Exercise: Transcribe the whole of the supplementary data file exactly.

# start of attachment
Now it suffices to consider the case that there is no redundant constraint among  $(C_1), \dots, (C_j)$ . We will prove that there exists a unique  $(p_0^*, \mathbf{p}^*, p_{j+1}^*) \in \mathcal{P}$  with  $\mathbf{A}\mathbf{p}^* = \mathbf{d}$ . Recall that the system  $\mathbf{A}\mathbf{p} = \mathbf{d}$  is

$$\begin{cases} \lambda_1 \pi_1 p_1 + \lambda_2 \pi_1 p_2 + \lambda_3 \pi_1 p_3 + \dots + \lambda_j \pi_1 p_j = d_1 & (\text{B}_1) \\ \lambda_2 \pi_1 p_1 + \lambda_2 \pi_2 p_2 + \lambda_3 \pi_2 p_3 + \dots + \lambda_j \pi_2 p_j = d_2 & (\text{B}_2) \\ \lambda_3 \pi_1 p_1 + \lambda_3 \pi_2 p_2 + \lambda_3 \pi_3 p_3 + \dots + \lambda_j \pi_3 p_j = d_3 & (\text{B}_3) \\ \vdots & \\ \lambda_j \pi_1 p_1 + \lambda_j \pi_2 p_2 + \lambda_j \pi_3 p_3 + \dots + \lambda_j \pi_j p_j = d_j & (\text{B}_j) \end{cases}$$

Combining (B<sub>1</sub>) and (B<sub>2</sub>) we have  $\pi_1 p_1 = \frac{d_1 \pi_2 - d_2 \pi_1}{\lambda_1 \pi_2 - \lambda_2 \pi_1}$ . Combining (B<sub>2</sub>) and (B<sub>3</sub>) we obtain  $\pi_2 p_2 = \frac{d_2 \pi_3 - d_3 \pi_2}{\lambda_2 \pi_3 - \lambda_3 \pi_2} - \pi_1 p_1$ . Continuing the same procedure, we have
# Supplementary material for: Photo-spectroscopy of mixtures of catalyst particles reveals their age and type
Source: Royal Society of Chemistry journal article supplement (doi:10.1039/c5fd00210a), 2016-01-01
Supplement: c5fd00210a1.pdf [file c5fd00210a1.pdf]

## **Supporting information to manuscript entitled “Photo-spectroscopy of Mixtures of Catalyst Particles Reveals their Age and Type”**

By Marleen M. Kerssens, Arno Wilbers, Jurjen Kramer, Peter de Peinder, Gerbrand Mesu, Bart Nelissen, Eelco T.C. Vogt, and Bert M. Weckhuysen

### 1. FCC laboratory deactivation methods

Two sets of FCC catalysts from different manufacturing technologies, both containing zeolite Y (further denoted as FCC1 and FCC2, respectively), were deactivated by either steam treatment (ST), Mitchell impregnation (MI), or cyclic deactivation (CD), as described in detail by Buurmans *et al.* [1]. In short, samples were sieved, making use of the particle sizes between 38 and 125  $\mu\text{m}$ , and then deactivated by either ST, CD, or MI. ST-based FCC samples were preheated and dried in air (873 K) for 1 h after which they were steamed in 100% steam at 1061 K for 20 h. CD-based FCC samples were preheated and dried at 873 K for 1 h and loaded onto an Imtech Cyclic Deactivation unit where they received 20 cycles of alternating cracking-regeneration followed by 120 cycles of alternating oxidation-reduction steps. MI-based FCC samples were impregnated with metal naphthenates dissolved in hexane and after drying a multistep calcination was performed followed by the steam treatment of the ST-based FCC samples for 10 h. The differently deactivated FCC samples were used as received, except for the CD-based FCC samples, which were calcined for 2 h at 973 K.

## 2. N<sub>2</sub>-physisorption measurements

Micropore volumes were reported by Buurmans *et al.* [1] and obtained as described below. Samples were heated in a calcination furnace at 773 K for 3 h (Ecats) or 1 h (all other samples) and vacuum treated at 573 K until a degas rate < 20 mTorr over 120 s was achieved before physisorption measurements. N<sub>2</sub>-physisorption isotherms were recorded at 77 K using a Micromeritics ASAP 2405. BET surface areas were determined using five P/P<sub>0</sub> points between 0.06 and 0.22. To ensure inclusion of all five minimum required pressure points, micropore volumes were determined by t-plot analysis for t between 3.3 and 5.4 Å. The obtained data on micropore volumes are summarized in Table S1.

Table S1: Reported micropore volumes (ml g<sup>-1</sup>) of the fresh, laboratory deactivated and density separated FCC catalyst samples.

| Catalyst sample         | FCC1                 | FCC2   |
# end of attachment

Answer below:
Now it suffices to consider the case that there is no redundant constraint among  $(C_1), \dots, (C_j)$ . We will prove that there exists a unique  $(p_0^*, \mathbf{p}^*, p_{j+1}^*) \in \mathcal{P}$  with  $\mathbf{A}\mathbf{p}^* = \mathbf{d}$ . Recall that the system  $\mathbf{A}\mathbf{p} = \mathbf{d}$  is

$$\begin{cases} \lambda_1 \pi_1 p_1 + \lambda_2 \pi_1 p_2 + \lambda_3 \pi_1 p_3 + \dots + \lambda_j \pi_1 p_j = d_1 & (\text{B}_1) \\ \lambda_2 \pi_1 p_1 + \lambda_2 \pi_2 p_2 + \lambda_3 \pi_2 p_3 + \dots + \lambda_j \pi_2 p_j = d_2 & (\text{B}_2) \\ \lambda_3 \pi_1 p_1 + \lambda_3 \pi_2 p_2 + \lambda_3 \pi_3 p_3 + \dots + \lambda_j \pi_3 p_j = d_3 & (\text{B}_3) \\ \vdots & \\ \lambda_j \pi_1 p_1 + \lambda_j \pi_2 p_2 + \lambda_j \pi_3 p_3 + \dots + \lambda_j \pi_j p_j = d_j & (\text{B}_j) \end{cases}$$

Combining (B<sub>1</sub>) and (B<sub>2</sub>) we have  $\pi_1 p_1 = \frac{d_1 \pi_2 - d_2 \pi_1}{\lambda_1 \pi_2 - \lambda_2 \pi_1}$ . Combining (B<sub>2</sub>) and (B<sub>3</sub>) we obtain  $\pi_2 p_2 = \frac{d_2 \pi_3 - d_3 \pi_2}{\lambda_2 \pi_3 - \lambda_3 \pi_2} - \pi_1 p_1$ . Continuing the same procedure, we have
# Supplementary material for: Photo-spectroscopy of mixtures of catalyst particles reveals their age and type
Source: Royal Society of Chemistry journal article supplement (doi:10.1039/c5fd00210a), 2016-01-01
Supplement: c5fd00210a1.pdf [file c5fd00210a1.pdf]

## **Supporting information to manuscript entitled “Photo-spectroscopy of Mixtures of Catalyst Particles Reveals their Age and Type”**

By Marleen M. Kerssens, Arno Wilbers, Jurjen Kramer, Peter de Peinder, Gerbrand Mesu, Bart Nelissen, Eelco T.C. Vogt, and Bert M. Weckhuysen

### 1. FCC laboratory deactivation methods

Two sets of FCC catalysts from different manufacturing technologies, both containing zeolite Y (further denoted as FCC1 and FCC2, respectively), were deactivated by either steam treatment (ST), Mitchell impregnation (MI), or cyclic deactivation (CD), as described in detail by Buurmans *et al.* [1]. In short, samples were sieved, making use of the particle sizes between 38 and 125  $\mu\text{m}$ , and then deactivated by either ST, CD, or MI. ST-based FCC samples were preheated and dried in air (873 K) for 1 h after which they were steamed in 100% steam at 1061 K for 20 h. CD-based FCC samples were preheated and dried at 873 K for 1 h and loaded onto an Imtech Cyclic Deactivation unit where they received 20 cycles of alternating cracking-regeneration followed by 120 cycles of alternating oxidation-reduction steps. MI-based FCC samples were impregnated with metal naphthenates dissolved in hexane and after drying a multistep calcination was performed followed by the steam treatment of the ST-based FCC samples for 10 h. The differently deactivated FCC samples were used as received, except for the CD-based FCC samples, which were calcined for 2 h at 973 K.

## 2. N<sub>2</sub>-physisorption measurements

Micropore volumes were reported by Buurmans *et al.* [1] and obtained as described below. Samples were heated in a calcination furnace at 773 K for 3 h (Ecats) or 1 h (all other samples) and vacuum treated at 573 K until a degas rate < 20 mTorr over 120 s was achieved before physisorption measurements. N<sub>2</sub>-physisorption isotherms were recorded at 77 K using a Micromeritics ASAP 2405. BET surface areas were determined using five P/P<sub>0</sub> points between 0.06 and 0.22. To ensure inclusion of all five minimum required pressure points, micropore volumes were determined by t-plot analysis for t between 3.3 and 5.4 Å. The obtained data on micropore volumes are summarized in Table S1.

Table S1: Reported micropore volumes (ml g<sup>-1</sup>) of the fresh, laboratory deactivated and density separated FCC catalyst samples.

| Catalyst sample         | FCC1                 | FCC2   |